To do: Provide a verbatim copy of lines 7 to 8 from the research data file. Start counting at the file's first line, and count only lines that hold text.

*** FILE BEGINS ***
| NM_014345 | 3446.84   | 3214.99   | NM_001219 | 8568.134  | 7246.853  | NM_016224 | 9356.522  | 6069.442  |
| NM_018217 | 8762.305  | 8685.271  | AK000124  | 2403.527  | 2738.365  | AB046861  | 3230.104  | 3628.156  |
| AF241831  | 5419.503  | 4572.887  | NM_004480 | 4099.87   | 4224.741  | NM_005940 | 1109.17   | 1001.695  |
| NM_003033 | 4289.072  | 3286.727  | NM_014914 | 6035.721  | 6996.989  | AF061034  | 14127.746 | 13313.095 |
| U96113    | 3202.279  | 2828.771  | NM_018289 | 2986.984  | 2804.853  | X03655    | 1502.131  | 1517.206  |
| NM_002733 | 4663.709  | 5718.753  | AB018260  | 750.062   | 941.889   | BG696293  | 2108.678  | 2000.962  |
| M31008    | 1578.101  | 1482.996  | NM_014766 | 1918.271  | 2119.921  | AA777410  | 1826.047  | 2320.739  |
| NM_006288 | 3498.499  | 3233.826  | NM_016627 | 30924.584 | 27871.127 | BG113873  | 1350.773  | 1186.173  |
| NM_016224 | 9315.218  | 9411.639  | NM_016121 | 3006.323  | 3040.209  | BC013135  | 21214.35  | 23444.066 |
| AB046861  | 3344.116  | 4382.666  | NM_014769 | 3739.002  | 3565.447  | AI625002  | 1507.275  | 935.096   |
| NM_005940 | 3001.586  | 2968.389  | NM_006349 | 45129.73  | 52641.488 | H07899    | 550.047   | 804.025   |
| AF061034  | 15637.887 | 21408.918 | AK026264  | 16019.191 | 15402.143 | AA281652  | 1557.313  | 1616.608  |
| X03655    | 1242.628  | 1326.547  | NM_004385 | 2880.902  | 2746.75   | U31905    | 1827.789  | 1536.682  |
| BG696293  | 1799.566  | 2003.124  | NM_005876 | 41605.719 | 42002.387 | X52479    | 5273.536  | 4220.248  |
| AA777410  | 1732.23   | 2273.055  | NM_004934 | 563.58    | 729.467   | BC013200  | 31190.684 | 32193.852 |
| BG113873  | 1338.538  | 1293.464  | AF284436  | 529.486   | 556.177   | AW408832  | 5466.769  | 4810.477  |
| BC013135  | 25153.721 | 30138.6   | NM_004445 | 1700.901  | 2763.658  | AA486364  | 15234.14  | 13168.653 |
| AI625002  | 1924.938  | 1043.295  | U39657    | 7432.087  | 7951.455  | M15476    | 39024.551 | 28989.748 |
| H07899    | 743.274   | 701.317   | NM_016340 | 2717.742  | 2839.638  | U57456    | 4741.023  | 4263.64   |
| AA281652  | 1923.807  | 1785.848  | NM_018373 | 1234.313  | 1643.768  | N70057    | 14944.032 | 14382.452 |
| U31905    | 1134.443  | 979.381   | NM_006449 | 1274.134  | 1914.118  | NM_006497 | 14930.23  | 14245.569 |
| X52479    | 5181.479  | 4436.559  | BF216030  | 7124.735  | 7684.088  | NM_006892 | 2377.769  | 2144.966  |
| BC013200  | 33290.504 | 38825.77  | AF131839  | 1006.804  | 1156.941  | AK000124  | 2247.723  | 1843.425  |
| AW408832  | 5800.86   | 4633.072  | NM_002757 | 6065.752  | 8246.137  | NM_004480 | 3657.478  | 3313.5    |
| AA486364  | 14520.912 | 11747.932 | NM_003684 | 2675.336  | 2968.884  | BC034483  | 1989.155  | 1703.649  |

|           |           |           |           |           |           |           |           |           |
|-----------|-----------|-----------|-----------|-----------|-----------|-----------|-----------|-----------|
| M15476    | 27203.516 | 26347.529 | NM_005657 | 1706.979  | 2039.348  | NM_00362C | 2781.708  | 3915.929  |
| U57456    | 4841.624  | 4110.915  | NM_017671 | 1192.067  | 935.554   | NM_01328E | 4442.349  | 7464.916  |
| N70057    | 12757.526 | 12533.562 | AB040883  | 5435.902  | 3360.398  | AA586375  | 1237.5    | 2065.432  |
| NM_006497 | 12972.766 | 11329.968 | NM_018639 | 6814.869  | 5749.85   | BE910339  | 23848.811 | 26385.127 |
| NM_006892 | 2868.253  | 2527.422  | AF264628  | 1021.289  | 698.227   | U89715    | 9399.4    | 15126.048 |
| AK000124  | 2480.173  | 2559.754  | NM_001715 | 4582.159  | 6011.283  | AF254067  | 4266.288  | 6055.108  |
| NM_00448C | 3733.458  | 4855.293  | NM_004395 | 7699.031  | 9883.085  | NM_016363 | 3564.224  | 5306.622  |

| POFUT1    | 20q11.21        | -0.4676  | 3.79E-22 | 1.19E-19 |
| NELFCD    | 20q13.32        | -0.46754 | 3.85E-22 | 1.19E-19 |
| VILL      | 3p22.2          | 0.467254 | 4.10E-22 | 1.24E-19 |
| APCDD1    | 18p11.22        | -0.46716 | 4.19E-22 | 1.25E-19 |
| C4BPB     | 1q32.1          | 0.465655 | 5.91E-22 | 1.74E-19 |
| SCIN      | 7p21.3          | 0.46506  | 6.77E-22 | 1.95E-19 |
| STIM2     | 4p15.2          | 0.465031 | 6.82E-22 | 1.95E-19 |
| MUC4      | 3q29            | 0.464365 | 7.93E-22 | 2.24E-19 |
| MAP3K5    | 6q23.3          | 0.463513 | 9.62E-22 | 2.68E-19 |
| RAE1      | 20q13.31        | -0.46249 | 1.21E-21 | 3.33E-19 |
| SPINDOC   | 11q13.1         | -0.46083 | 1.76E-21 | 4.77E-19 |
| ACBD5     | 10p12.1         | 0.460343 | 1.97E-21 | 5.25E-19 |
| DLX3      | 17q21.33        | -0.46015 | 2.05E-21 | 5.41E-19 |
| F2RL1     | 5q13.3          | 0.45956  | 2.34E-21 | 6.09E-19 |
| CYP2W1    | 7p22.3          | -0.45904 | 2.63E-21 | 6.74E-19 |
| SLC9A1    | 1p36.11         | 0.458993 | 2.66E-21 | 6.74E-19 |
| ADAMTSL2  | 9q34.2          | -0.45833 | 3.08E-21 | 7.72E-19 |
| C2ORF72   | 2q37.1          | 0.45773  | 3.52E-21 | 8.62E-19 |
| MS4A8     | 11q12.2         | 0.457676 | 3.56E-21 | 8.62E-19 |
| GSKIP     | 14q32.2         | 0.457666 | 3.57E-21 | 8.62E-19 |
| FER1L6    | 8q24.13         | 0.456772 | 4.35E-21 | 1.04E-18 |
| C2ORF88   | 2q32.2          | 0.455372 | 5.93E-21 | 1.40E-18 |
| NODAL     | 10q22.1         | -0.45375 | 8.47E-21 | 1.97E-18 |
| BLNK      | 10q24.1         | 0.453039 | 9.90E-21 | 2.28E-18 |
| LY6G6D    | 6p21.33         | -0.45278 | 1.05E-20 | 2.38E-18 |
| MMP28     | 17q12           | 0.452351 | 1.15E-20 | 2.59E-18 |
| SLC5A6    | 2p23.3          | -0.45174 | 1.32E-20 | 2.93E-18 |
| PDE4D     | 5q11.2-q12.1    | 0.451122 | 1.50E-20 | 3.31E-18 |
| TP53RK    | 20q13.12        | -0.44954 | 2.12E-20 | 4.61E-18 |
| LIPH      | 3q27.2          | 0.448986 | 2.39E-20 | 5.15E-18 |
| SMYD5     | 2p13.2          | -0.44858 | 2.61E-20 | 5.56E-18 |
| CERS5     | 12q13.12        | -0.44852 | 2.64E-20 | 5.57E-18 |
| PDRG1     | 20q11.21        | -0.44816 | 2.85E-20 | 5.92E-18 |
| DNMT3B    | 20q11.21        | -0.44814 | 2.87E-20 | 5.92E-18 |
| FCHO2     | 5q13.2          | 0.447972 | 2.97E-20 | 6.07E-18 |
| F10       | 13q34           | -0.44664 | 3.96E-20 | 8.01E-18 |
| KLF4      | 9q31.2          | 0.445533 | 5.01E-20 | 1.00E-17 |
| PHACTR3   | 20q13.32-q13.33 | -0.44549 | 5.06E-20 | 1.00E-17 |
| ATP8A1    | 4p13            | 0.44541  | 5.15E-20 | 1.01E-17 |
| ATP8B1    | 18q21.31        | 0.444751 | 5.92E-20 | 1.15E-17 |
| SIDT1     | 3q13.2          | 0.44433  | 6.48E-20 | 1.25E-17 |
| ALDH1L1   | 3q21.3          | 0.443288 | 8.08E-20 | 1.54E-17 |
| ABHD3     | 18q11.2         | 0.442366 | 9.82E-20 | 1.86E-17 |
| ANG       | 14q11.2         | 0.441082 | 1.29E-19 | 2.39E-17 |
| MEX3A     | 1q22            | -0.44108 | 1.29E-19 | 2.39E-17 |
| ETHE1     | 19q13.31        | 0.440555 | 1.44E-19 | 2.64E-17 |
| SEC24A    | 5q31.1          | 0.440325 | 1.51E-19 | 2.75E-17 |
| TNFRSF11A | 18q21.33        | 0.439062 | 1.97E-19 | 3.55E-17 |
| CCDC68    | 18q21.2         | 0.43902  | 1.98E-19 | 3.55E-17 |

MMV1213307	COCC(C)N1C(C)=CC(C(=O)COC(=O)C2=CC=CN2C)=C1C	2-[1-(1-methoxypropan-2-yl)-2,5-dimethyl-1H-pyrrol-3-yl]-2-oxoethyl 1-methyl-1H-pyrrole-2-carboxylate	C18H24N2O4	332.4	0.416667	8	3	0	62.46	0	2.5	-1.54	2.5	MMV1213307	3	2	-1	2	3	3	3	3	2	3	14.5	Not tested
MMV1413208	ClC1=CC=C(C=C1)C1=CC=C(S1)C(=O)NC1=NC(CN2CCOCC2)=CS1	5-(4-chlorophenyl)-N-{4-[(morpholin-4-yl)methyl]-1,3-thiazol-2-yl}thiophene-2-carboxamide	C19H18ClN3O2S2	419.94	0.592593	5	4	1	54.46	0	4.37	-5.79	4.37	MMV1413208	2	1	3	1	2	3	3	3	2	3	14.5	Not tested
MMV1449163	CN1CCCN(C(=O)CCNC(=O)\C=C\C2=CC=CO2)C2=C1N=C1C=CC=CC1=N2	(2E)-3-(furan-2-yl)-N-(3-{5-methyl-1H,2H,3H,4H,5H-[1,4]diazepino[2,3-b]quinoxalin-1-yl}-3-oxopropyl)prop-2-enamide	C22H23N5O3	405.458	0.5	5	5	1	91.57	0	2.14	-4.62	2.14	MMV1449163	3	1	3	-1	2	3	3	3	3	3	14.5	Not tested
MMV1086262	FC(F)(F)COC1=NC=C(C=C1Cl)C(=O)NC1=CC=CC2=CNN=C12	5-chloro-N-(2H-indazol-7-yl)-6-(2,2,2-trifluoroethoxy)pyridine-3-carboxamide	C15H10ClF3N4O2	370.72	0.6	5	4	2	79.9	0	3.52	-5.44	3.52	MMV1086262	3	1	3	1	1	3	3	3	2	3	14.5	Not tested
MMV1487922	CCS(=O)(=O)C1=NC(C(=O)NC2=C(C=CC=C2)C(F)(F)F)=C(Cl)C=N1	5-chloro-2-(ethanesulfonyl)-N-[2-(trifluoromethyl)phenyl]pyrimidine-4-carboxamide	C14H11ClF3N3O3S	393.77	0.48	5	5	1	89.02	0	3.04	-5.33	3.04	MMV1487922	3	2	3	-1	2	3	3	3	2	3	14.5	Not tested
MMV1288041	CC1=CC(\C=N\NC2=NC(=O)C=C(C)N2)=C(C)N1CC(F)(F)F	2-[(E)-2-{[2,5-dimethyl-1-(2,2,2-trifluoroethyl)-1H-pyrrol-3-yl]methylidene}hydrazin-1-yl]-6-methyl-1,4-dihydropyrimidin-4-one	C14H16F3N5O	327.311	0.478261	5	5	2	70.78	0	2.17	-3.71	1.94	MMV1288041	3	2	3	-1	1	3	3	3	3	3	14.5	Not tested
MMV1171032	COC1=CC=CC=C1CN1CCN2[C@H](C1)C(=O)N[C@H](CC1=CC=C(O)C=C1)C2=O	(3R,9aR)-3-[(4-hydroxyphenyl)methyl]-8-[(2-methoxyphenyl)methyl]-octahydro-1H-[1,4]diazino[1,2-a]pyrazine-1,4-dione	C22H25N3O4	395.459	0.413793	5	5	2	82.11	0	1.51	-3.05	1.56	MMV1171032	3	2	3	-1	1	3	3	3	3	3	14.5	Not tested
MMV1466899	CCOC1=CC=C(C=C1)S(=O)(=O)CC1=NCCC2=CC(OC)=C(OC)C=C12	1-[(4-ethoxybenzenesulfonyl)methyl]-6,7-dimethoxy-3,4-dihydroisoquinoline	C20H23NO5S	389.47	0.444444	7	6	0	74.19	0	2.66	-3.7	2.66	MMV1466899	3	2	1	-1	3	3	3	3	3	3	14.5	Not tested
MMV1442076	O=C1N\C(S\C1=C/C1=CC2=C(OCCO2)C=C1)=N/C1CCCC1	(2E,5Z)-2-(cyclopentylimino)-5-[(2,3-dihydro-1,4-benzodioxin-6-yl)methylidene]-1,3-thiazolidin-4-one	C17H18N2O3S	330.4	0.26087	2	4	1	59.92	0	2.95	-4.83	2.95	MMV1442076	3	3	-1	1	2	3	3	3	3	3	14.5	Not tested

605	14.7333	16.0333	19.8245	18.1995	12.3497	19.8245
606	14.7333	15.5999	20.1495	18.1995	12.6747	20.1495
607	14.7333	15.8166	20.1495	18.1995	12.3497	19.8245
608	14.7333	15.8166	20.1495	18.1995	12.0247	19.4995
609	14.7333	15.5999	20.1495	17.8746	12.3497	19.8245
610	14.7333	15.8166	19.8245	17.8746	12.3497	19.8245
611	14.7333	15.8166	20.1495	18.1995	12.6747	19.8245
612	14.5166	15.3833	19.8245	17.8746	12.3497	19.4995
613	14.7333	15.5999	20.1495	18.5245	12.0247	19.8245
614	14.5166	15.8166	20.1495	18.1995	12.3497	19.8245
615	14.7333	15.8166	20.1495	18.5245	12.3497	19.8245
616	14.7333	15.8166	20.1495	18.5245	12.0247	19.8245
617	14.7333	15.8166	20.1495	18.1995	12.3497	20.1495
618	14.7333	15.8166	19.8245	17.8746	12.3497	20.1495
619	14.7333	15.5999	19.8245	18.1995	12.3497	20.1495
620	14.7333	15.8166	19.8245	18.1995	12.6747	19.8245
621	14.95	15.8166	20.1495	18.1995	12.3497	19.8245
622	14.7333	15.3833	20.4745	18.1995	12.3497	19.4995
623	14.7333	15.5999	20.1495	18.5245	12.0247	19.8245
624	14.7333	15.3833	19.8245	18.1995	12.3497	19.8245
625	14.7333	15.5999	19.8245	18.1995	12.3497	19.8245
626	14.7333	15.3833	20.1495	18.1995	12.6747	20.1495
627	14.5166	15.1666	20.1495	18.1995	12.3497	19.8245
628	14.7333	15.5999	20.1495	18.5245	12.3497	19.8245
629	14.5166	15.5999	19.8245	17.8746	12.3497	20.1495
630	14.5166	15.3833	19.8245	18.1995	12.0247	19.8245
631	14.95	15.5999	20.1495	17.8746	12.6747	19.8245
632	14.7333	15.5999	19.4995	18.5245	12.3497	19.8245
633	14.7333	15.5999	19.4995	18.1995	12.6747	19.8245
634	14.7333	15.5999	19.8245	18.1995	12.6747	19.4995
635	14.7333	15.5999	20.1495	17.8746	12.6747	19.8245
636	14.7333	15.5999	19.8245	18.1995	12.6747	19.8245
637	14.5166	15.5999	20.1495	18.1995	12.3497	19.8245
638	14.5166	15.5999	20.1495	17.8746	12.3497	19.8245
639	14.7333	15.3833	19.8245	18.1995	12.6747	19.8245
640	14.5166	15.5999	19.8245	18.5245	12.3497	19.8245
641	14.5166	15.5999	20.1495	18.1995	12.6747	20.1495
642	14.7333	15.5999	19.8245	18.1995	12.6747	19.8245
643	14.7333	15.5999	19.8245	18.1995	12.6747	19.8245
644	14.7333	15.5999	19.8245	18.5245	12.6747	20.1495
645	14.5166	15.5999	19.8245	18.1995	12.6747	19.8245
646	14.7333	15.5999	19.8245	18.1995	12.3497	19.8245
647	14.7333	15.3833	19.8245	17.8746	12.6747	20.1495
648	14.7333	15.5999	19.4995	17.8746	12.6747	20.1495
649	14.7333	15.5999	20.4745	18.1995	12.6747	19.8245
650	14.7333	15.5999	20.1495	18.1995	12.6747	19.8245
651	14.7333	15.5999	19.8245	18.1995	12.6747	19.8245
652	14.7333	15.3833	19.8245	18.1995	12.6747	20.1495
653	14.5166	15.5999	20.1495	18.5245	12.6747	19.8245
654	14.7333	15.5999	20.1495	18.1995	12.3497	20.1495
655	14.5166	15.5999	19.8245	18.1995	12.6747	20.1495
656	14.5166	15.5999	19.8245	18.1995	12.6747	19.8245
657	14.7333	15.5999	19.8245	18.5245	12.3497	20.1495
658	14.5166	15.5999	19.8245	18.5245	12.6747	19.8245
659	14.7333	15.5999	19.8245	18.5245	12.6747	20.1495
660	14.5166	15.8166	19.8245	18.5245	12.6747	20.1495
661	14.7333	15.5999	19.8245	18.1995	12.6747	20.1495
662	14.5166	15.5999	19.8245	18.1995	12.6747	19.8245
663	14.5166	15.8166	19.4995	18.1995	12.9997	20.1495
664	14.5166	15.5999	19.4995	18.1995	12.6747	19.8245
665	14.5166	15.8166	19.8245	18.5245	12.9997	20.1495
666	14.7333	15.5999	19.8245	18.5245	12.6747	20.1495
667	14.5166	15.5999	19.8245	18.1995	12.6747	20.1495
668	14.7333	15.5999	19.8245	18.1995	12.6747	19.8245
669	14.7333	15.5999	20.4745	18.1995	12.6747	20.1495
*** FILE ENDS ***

| M31008    | 1578.101  | 1482.996  | NM_014766 | 1918.271  | 2119.921  | AA777410  | 1826.047  | 2320.739  |
| NM_006288 | 3498.499  | 3233.826  | NM_016627 | 30924.584 | 27871.127 | BG113873  | 1350.773  | 1186.173  |